Asian equities mostly up after US, China tariff moves

Asian investors on Thursday cheered Donald Trump's decision to delay a hike in tariffs on Chinese goods and Beijing's announcement that it would remove a range of US products from its own planned levies.

The moves signal an easing of tensions between the two economic superpowers ahead of a much-anticipated meeting of top-level negotiators next month.

They also provided an extra shot in the arm for investors as they await key announcements from the US and European central banks that are expected to see a further easing of monetary policy.

In a tweet on Wednesday night, Trump said: "We have agreed, as a gesture of good will, to move the increased Tariffs on $250bn worth of goods (25% to 30%), from October 1st to October 15th."

He added that the delay was requested by "Vice Premier of China, Liu He, and due to the fact that the People's Republic of China will be celebrating their 70th Anniversary", on October 1.

Earlier in the day, China said it would temporarily exempt 16 categories of US exports from tariff increases in an olive branch to Washington before the talks take place and which Trump described as "a big move".

The more conciliatory tone from both sides - after months of rancour - fuelled hopes they can edge towards a solution to their long-running trade war, which has jolted the global economy and stock markets.

The delay "shows Trump doesn't want to increase tariffs before the trade talks in early October and it creates good conditions", said Tommy Xie, an economist at Oversea-Chinese Banking. "It adds to the hope that there'll be good news from the October meeting, and markets will wait and see."

Wednesday's developments were broadly welcomed though Asian markets struggled to hold on to initial rallies owing to profit-taking from a healthy run-up this week.

Central banks in focus

Tokyo ended the morning 0.8% higher and Shanghai added 0.2% while Sydney climbed 0.5%. Wellington and Taipei also rose, as did Jakarta, but Hong Kong dipped 0.2%.

Jun Inoue, a senior economist at Mizuho Research Institute, said Trump's move indicates he "can be flexible to get concessions from China and that he's not trying to punish Beijing at any cost".

The apparent easing of trade tensions boosted oil prices as the prospect of an end to the row revived hopes for demand.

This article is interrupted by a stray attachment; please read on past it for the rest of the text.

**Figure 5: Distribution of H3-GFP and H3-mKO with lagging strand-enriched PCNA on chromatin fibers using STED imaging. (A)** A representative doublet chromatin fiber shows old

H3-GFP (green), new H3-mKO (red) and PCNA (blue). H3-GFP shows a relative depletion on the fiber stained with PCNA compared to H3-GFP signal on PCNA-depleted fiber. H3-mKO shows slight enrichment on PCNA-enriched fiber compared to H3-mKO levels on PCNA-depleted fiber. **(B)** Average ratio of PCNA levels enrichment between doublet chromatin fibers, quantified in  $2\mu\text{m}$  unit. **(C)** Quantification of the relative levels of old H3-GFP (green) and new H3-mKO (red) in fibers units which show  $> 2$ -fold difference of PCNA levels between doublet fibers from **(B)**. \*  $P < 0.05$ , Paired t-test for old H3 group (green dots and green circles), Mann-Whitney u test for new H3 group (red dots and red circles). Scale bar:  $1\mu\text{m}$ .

However, the gains followed a sharp drop for both main contracts as traders bet on a possible return of Iranian crude to the market after the firing of Trump's hawkish national security adviser John Bolton eased fears of a conflagration in the Middle East.

Traders are now turning their attention to Frankfurt, where the European Central Bank is expected to unveil economy-boosting stimulus. While the exact measures are unknown observers say it could cut interest rates deeper into negative territory or a new mass bond-buying drive, among other things.

Then, next week the Federal Reserve meets, with speculation rife that it will lower borrowing costs again, which would please Trump, who in a Twitter outburst on Wednesday said they should "BE BROUGHT WAY DOWN".

In share trading, Hong Kong Exchanges and Clearing sank more than 3% after its shock bid of almost US$40bn for the London Stock Exchange Group on Wednesday.

Reports said the proposal is likely to fail, however, as it is dependent on the LSEG scrapping a planned $27bn takeover of US financial data provider Refinitiv, which the three-centuries-old exchange said it "remains committed" to buying.

There are also concerns about ongoing unrest in Hong Kong and the influence of China in the group, the Financial Times reported.

Brent Crude
All Share
Top 40
Financial 15
Industrial 25
Resource 10
All JSE data delayed by at least 15 minutes morningstar logo
Company Snapshot
Voting Booth
Do you think it was a good idea for the government to approach the IMF for a $4.3 billion loan to fight Covid-19?
Please select an option Oops! Something went wrong, please try again later.
Yes. We need the money.
11% - 1351 votes
It depends on how the funds are used.
73% - 8799 votes
No. We should have gotten the loan elsewhere.
16% - 1941 votes